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Employee Profit Sharing (PTU) in Mexico

Submitted by Firm:
BLP Abogados - Costa Rica
Firm Contacts:
Alexandra Aguilar Garcia, Randall González
Article Type:
Legal Article

In this episode, we discuss a recent resolution by the Second Chamber of the Mexican Supreme Court regarding profit sharing (PTU). A reform was passed during 2021 that prohibited subcontracting in Mexico, and to limit the economic impact, it also introduced a cap to the employers’ obligation to share its profit among the employees. Subscribe to our podcast today to stay up to date on employment issues from law experts worldwide.

Host: Alexandra Aguilar (email) (BLP / Costa Rica)

Guest Speaker: Samuel Flores (email) (Santamarina y Steta, S.C. / Mexico)

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In a recent episode of the Employment Matters podcast, hosted by Alexandra Aguilar of BLP, Costa Rica, we dive into the significant changes surrounding Employee Profit Sharing (PTU) in Mexico. With guest expert Samuel Flores from Santamarina y Steta, S.C., Monterrey, the discussion highlights the recent legal adjustments and their implications for businesses and employees alike.

Profit Sharing as a Key Investment Consideration

Samuel Flores opens the discussion by highlighting the uniqueness of the profit sharing (PTU) system in Mexico, which stands as a significant factor for potential investors. Unique to Mexico, this constitutional right mandates that all employees are entitled to share in the profits generated by their employers. Established in the Mexican Constitution since 1962, this system requires employers to distribute 10% of their pre-tax profits to eligible employees, a practice not commonly found globally.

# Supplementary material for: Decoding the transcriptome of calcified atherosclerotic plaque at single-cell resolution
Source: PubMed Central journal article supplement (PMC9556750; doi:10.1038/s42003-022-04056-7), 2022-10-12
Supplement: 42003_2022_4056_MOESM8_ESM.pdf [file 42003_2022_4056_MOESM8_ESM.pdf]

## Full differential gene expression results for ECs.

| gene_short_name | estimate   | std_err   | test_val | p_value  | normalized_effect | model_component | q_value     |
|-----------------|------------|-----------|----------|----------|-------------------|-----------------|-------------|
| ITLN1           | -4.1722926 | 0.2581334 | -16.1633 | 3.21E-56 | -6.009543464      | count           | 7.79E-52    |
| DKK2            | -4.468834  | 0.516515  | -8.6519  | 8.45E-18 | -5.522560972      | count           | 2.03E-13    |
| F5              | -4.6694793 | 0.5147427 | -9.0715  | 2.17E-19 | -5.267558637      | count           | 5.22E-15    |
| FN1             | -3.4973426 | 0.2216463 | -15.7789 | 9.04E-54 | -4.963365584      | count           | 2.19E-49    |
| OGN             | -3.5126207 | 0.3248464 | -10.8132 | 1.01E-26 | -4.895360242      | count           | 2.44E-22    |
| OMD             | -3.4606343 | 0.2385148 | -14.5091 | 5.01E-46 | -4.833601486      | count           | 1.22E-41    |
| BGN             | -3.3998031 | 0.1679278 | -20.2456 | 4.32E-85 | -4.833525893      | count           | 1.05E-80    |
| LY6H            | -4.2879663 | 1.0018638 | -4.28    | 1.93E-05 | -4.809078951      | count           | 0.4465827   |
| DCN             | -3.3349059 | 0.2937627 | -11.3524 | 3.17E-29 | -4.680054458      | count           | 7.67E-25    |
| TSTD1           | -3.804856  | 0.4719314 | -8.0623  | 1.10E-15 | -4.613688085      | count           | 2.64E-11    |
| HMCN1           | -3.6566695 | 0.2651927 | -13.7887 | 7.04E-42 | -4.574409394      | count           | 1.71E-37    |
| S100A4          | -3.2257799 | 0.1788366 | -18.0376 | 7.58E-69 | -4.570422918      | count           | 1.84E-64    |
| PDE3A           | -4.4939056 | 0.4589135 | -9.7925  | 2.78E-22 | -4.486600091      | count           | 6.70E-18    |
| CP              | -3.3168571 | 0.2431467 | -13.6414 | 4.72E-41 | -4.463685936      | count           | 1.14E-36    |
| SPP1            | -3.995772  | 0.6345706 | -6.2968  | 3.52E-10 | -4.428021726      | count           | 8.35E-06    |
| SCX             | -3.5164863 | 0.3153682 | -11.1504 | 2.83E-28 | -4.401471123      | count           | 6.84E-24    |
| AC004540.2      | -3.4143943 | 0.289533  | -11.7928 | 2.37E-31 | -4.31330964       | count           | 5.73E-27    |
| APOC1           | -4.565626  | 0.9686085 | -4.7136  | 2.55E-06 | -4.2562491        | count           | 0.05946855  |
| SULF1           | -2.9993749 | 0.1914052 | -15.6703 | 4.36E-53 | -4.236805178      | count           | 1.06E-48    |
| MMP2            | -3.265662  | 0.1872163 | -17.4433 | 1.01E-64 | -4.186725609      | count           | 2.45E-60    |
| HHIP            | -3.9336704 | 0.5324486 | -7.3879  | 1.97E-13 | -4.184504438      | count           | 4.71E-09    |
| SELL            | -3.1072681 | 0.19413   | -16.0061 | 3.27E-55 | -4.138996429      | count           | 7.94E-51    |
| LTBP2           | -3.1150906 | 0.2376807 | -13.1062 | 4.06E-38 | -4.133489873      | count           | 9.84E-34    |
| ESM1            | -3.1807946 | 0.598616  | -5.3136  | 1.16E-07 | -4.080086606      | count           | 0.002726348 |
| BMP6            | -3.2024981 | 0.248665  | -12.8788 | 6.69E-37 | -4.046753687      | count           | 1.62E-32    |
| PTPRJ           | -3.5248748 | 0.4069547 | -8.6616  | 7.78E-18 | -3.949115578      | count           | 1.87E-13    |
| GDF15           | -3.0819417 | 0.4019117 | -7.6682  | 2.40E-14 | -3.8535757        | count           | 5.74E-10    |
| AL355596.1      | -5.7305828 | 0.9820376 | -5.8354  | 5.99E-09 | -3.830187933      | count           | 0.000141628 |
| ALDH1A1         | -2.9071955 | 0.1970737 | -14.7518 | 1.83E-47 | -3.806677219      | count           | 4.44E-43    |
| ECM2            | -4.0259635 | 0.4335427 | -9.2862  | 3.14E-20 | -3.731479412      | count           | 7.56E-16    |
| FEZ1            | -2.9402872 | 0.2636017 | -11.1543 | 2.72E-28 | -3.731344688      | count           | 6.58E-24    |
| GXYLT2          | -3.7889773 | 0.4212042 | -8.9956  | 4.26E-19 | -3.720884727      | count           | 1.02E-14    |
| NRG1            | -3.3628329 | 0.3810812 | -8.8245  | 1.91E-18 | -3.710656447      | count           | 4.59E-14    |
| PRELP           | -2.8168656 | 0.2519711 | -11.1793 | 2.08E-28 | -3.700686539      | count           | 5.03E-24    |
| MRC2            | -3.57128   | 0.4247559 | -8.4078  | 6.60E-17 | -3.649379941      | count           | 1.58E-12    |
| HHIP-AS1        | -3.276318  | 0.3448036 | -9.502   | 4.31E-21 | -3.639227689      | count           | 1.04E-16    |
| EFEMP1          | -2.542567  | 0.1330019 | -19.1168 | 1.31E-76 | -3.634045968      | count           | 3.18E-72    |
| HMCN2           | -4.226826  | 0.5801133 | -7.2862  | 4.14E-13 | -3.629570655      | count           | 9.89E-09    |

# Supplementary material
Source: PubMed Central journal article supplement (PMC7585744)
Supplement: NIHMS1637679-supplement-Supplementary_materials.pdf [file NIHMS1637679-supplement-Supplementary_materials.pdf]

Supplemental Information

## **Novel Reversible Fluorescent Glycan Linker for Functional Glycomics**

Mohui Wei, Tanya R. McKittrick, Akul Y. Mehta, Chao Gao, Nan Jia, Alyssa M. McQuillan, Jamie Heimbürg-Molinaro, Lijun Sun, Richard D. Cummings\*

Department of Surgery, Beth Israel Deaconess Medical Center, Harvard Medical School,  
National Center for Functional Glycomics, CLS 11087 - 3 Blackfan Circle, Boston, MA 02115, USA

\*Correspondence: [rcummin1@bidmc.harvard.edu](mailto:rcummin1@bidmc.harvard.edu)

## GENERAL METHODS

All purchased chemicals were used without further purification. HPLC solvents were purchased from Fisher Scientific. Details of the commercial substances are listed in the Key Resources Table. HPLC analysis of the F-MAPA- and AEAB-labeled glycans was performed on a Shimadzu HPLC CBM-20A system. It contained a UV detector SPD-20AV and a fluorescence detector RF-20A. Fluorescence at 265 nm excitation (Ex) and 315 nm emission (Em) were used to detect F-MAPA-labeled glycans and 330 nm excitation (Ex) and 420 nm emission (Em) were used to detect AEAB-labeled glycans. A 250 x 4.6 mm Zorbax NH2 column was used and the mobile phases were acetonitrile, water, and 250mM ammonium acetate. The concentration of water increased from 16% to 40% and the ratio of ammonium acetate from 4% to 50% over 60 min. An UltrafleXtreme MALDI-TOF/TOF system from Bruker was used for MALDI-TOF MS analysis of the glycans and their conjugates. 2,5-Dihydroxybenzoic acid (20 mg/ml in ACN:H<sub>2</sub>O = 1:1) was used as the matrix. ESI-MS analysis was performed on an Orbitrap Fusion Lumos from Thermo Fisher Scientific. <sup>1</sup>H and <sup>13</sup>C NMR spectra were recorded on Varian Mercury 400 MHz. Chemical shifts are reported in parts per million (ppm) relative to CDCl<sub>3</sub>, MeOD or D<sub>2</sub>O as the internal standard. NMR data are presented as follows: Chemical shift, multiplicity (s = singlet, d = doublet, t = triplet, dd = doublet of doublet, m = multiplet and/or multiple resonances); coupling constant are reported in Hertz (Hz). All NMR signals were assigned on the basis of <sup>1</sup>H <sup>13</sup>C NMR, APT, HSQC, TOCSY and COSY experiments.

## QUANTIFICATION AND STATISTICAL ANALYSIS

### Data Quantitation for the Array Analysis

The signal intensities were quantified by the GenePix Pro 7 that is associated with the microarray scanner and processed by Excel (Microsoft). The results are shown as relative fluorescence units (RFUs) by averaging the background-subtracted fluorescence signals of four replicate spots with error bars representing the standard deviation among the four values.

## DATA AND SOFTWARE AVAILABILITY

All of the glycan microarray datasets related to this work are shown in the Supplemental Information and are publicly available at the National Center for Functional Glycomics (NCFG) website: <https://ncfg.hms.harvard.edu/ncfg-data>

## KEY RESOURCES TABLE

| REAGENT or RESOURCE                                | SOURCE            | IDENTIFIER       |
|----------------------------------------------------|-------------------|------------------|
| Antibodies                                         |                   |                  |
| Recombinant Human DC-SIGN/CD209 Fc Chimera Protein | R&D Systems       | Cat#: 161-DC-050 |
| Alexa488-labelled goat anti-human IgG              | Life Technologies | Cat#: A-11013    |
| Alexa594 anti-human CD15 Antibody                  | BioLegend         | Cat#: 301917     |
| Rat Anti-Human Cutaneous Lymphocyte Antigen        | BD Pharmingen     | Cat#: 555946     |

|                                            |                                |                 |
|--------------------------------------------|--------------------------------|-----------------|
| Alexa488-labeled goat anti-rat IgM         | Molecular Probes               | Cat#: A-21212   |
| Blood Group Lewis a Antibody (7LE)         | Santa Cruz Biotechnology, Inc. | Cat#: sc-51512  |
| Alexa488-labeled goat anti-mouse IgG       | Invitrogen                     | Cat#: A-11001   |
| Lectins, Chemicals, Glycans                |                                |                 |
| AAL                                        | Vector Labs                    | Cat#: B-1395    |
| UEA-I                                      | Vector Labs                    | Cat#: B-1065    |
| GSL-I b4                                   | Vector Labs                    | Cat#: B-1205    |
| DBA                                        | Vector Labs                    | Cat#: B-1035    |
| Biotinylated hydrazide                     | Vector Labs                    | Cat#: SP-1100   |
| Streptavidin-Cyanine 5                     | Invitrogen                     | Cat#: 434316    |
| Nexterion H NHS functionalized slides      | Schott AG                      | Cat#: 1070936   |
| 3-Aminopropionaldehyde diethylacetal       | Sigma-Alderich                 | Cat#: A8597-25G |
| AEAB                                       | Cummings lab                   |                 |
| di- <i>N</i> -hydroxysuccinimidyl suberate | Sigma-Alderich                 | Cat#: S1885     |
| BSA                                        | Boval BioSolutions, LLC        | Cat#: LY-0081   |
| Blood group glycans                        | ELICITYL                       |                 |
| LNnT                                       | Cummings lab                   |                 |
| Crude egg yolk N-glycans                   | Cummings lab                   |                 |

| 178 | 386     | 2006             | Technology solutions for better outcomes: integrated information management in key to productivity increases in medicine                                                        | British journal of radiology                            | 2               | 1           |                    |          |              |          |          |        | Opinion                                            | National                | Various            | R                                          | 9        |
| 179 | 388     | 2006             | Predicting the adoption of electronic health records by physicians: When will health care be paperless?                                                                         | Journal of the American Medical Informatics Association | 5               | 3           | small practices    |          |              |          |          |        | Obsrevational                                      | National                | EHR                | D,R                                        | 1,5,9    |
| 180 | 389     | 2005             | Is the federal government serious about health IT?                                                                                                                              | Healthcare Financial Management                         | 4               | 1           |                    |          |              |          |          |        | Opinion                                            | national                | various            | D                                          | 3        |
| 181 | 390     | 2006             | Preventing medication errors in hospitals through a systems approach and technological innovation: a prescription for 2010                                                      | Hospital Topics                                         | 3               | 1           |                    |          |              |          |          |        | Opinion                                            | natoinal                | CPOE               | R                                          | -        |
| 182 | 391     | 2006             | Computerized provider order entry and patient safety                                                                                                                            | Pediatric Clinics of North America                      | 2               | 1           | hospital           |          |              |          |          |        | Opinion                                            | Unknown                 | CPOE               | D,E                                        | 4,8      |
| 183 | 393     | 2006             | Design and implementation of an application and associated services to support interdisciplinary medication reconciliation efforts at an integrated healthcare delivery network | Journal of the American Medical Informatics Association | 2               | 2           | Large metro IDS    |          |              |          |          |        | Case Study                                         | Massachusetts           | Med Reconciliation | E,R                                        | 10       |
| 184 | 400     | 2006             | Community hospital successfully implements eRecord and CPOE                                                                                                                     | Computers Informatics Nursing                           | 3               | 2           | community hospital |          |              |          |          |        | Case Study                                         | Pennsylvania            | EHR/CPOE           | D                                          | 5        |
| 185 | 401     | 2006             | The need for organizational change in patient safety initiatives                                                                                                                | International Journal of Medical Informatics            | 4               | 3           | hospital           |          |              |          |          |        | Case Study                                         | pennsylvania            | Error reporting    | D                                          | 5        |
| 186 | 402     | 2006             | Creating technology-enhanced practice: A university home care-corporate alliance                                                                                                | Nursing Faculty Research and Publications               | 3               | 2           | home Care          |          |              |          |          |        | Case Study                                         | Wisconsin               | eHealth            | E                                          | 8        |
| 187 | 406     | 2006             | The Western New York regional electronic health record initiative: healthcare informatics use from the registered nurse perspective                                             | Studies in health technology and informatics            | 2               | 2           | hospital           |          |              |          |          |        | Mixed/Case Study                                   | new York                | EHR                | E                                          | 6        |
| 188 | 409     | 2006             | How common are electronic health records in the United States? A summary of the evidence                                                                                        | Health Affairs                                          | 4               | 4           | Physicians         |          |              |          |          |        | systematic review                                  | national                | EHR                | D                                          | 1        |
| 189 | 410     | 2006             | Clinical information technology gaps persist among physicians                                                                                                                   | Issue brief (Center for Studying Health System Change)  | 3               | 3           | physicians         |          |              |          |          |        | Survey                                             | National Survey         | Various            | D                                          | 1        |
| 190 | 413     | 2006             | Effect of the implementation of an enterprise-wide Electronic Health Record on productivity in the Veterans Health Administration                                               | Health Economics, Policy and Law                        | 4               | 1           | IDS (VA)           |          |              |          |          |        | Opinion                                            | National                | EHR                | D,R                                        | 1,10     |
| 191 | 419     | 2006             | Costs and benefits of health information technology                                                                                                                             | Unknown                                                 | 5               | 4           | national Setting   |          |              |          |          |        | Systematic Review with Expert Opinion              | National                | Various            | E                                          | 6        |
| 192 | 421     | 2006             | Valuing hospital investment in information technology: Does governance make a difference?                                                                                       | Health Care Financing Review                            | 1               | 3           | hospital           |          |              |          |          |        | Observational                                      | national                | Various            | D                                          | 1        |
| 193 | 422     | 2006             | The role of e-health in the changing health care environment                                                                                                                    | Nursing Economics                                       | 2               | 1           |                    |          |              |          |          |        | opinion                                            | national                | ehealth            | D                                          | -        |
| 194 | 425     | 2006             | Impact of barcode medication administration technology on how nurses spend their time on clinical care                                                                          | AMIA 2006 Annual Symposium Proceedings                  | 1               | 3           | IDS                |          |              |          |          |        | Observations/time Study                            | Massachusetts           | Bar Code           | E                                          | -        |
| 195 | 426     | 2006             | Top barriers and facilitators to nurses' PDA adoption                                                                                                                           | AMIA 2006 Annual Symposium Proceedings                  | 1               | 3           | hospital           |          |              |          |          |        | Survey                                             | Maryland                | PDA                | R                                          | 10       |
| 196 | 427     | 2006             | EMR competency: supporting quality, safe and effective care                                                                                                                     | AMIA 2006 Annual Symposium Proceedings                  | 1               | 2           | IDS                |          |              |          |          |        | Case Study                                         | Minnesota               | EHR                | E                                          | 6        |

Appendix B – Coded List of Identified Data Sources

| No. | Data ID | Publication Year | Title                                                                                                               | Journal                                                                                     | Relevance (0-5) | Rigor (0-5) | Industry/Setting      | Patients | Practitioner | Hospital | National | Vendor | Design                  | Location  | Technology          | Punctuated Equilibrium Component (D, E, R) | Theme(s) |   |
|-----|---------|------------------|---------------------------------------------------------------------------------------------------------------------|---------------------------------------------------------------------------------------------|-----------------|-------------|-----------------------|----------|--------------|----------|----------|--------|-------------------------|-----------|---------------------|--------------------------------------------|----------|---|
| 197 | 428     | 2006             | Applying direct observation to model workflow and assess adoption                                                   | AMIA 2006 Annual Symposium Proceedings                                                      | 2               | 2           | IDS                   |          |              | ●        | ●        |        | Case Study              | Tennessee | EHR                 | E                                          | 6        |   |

Historical Context and Recent Changes

The profit sharing percentage has been fixed at 10% since 1985. This established practice recently gained further attention due to significant legal reforms in 2021 aimed at curtailing subcontracting. The reforms were designed to prevent employers from using complex corporate structures to minimize the profits shared with employees. By eliminating such subcontracting practices, the reform intended to ensure a fairer distribution of profits.

Introduction of a Cap on Profit Sharing